You may not realise this but the humble ballpoint pen, used by millions of people around the world every day, is less than eight decades old.
Invented as the Second World War was about to begin in 1938, the biro takes its name from its creator Ladislao José Biro.
Biro, who was born in 1899, was a sometime journalist, painter and inventor who was frustrated with fountain pens blotting and smudging. He got the idea on a visit to a newspaper printing press, which used quick-drying ink and a roller.
“It got me thinking how this process could be simplified right down to the level of an ordinary pen,” he later said.
So he set about creating the biro, which would begin production in 1944 under the name “Eterpen” and retail for the equivalent of £33.
Today would have been Biro’s 117th birthday and Google is honouring the occasion with a Doodle.
How was the biro created?
Biro’s first idea for the ballpoint pen was to use the quick-drying newspaper ink in a fountain pen. This however didn’t work as the ink was too thick and slow-moving to reach the tip of the nib.
So he created a ballpoint nib which was coated with a thin film of ink from the cartridge as it made contact with paper and spun in its socket. Biro initially tested the invention with fountain pen and printing ink, both of which had the wrong consistency.
Biro enlisted the help of his brother György Bíró who was a chemist to create ink that was just the right viscosity. The pair gave their name to the invention when they patented it the “Biro” on July 15 1938.
The pen is still called a biro in countries including the UK, Ireland, Australia and Italy, but in the US it is known as a ballpoint pen.
How do ballpoint pens work?
The nib in a ballpoint pen is normally made of a metal such as brass, steel or tungsten carbide. When it comes into contact with a piece of paper, or other writing material, the ball rotates and picks up a thin film of ink from the cartridge, which is a pressurised tube.
Prior to the ballpoint pen, which was invented in relatively recent history, all pens used a nib and a dark, watery ink called india ink. Quill pens have been around since around 600 AD, while the lead pencil was created in 1795.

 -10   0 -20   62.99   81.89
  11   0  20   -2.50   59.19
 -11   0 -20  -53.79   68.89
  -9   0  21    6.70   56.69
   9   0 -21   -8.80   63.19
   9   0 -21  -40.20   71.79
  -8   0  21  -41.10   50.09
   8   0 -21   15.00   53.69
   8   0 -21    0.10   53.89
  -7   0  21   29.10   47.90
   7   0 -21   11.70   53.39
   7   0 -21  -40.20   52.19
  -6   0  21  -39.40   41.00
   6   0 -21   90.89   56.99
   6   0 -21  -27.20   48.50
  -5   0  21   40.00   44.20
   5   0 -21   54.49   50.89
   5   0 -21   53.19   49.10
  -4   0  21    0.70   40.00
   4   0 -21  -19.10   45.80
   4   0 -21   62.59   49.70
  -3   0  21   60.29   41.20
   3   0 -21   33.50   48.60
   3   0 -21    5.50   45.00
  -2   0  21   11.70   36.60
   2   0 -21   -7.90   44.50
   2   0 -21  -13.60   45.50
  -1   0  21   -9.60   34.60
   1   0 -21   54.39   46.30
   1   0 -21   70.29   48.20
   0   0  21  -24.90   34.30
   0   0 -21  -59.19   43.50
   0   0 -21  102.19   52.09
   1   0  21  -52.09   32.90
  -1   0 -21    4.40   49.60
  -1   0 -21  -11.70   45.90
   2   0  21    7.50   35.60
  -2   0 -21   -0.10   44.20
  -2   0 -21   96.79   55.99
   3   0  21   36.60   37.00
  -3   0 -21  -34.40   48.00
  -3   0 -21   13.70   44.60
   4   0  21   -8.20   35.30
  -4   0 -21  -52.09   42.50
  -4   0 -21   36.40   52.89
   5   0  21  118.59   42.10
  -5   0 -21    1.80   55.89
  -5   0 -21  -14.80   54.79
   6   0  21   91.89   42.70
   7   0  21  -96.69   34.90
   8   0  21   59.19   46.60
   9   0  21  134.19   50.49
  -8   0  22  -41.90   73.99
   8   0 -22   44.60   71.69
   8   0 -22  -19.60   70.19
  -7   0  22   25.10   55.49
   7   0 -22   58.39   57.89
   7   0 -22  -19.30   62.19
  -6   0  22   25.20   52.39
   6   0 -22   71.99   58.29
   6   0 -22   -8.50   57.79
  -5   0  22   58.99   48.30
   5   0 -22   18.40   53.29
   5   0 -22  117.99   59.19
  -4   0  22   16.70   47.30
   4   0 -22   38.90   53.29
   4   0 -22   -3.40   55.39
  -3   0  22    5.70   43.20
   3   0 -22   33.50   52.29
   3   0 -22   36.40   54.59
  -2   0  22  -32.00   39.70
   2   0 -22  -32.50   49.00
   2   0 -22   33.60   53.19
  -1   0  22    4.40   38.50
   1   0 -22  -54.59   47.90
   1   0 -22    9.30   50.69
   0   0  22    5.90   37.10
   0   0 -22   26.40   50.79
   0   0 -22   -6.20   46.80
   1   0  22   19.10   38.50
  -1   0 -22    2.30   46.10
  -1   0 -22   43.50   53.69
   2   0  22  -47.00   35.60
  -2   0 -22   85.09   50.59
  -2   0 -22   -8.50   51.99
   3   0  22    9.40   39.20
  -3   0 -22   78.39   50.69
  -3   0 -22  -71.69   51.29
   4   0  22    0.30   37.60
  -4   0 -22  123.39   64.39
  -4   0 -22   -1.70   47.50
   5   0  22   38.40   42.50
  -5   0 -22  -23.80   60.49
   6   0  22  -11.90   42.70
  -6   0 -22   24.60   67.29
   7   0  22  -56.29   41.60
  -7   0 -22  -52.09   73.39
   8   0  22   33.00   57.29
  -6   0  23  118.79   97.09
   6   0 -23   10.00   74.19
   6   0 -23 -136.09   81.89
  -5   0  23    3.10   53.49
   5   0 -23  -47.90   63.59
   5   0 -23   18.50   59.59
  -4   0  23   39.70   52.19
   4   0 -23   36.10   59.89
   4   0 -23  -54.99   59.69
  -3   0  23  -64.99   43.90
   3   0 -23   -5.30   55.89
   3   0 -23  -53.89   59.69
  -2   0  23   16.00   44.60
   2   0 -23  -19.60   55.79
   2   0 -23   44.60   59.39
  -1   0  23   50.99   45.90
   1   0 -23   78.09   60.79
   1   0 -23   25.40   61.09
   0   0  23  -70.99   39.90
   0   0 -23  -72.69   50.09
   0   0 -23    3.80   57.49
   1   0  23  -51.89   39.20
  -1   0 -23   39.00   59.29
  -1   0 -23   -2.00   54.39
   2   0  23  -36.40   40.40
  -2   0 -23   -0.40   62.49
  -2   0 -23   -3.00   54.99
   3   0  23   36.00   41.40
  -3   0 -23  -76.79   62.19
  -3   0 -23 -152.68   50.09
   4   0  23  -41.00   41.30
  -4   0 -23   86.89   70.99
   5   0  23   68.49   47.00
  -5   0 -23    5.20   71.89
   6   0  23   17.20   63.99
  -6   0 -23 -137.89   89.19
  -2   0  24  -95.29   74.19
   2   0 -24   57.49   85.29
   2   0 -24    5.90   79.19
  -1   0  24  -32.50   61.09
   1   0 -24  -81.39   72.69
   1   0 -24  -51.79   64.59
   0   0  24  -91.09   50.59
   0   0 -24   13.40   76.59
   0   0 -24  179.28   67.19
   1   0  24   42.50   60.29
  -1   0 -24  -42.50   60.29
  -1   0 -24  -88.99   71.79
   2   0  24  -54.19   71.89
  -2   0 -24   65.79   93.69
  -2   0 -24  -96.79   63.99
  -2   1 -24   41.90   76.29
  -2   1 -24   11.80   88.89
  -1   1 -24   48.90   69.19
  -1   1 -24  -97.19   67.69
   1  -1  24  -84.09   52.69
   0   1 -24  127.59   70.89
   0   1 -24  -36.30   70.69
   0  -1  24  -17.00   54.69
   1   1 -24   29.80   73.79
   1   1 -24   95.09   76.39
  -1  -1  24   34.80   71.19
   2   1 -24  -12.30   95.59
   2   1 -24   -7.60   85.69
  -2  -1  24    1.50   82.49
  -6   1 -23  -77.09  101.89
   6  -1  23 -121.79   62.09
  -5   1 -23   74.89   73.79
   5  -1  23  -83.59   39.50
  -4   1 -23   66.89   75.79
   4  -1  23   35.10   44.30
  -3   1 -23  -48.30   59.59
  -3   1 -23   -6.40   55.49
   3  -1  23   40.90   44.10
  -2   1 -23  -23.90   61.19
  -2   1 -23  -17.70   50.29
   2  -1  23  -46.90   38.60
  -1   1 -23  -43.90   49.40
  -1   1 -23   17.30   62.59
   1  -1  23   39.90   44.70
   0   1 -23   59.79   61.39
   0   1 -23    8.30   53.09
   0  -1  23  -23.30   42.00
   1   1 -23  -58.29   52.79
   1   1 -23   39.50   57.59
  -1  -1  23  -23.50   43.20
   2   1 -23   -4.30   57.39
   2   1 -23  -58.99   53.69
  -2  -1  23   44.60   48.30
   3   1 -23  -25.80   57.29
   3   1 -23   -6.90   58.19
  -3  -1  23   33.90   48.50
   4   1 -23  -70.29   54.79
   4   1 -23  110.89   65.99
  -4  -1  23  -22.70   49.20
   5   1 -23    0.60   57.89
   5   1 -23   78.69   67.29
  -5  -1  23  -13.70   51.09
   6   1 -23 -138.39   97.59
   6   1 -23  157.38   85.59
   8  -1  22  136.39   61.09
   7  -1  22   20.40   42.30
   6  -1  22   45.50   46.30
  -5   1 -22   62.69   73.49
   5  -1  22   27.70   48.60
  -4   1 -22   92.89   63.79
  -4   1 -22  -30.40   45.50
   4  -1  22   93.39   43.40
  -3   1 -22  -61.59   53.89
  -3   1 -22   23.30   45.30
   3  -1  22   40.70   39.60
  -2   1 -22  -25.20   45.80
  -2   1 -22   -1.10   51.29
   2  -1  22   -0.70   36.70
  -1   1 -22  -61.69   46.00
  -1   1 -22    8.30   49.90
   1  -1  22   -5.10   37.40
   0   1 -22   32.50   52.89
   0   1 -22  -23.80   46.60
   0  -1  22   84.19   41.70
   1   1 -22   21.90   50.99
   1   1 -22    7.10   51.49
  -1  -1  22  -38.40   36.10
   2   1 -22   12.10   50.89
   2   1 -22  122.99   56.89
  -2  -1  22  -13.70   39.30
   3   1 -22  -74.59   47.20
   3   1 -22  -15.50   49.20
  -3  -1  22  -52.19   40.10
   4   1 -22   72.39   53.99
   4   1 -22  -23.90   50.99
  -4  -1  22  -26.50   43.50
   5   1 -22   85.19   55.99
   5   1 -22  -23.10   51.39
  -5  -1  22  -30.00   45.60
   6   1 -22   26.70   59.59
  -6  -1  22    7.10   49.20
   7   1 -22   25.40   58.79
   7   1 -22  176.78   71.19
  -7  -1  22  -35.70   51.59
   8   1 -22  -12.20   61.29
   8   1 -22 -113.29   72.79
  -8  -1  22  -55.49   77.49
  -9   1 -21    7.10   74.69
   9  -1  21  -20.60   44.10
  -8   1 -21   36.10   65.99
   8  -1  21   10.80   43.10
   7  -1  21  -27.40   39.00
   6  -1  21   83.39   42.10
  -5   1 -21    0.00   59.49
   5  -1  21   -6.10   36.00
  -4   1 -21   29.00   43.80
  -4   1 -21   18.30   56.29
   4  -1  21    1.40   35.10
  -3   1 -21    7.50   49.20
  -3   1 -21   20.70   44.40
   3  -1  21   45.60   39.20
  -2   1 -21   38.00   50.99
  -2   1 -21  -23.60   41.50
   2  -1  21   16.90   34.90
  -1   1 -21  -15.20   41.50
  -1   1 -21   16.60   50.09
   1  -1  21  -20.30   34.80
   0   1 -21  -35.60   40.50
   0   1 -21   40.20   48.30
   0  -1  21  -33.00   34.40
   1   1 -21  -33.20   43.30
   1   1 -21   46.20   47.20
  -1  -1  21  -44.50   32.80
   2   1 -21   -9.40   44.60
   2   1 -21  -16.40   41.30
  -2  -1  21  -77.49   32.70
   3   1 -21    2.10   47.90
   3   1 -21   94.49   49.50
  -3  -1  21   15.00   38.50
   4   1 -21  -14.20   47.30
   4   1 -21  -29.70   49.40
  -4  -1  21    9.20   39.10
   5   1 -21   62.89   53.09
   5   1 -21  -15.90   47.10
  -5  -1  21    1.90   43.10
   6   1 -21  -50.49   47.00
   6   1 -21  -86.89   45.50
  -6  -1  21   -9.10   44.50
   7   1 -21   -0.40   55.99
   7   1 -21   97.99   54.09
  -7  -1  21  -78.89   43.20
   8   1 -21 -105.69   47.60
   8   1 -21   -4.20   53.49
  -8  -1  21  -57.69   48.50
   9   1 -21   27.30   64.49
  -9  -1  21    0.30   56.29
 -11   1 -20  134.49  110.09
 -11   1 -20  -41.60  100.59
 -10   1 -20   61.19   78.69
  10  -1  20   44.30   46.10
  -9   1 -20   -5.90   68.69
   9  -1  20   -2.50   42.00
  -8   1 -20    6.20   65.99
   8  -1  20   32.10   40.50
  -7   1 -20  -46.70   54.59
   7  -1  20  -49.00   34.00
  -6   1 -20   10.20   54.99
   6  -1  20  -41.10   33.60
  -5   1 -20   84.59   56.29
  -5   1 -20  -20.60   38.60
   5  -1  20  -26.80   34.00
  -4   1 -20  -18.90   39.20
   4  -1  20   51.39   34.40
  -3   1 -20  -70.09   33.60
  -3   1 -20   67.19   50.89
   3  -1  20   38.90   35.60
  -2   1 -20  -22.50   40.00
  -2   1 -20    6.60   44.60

Biro was not the first person to come up with the idea of a rollerball system for delivering ink to the nib of a pen. John Loud is widely believed to have patented the first ballpoint pen back in 1888, but he failed to turn it into a commercial product and so his patent lapsed.
What does it have to do with World War II?
Ladislao José Biro, the eponymous inventor, was born into a Jewish family in Budapest, Hungary, and started life as László József Bíró. In fact he maintained that name until after he invented the handy ballpoint pen when, in 1940, he was forced to flee the Nazi occupation of his home country.
After escaping the hostile occupation of Hungary, Biro made his way to Argentina, where he eventually secured backing to turn the biro into a commercial product. The pen’s first backer was the British accountant Henry George Martin, according to the Biographical Dictionary of the History of Technology.
The first major buyer of the newly created pen was the Royal Air Force. During the Second World War the organisation ordered 30,000 of the tools, which would work at high altitudes unlike traditional fountain pens. After the war it entered commercial production.
Today, the Bic Cristal biro is the world’s most popular pen. In the US, the price has remarkably stayed the same since 1959 – retailing at 19 cents despite inflation.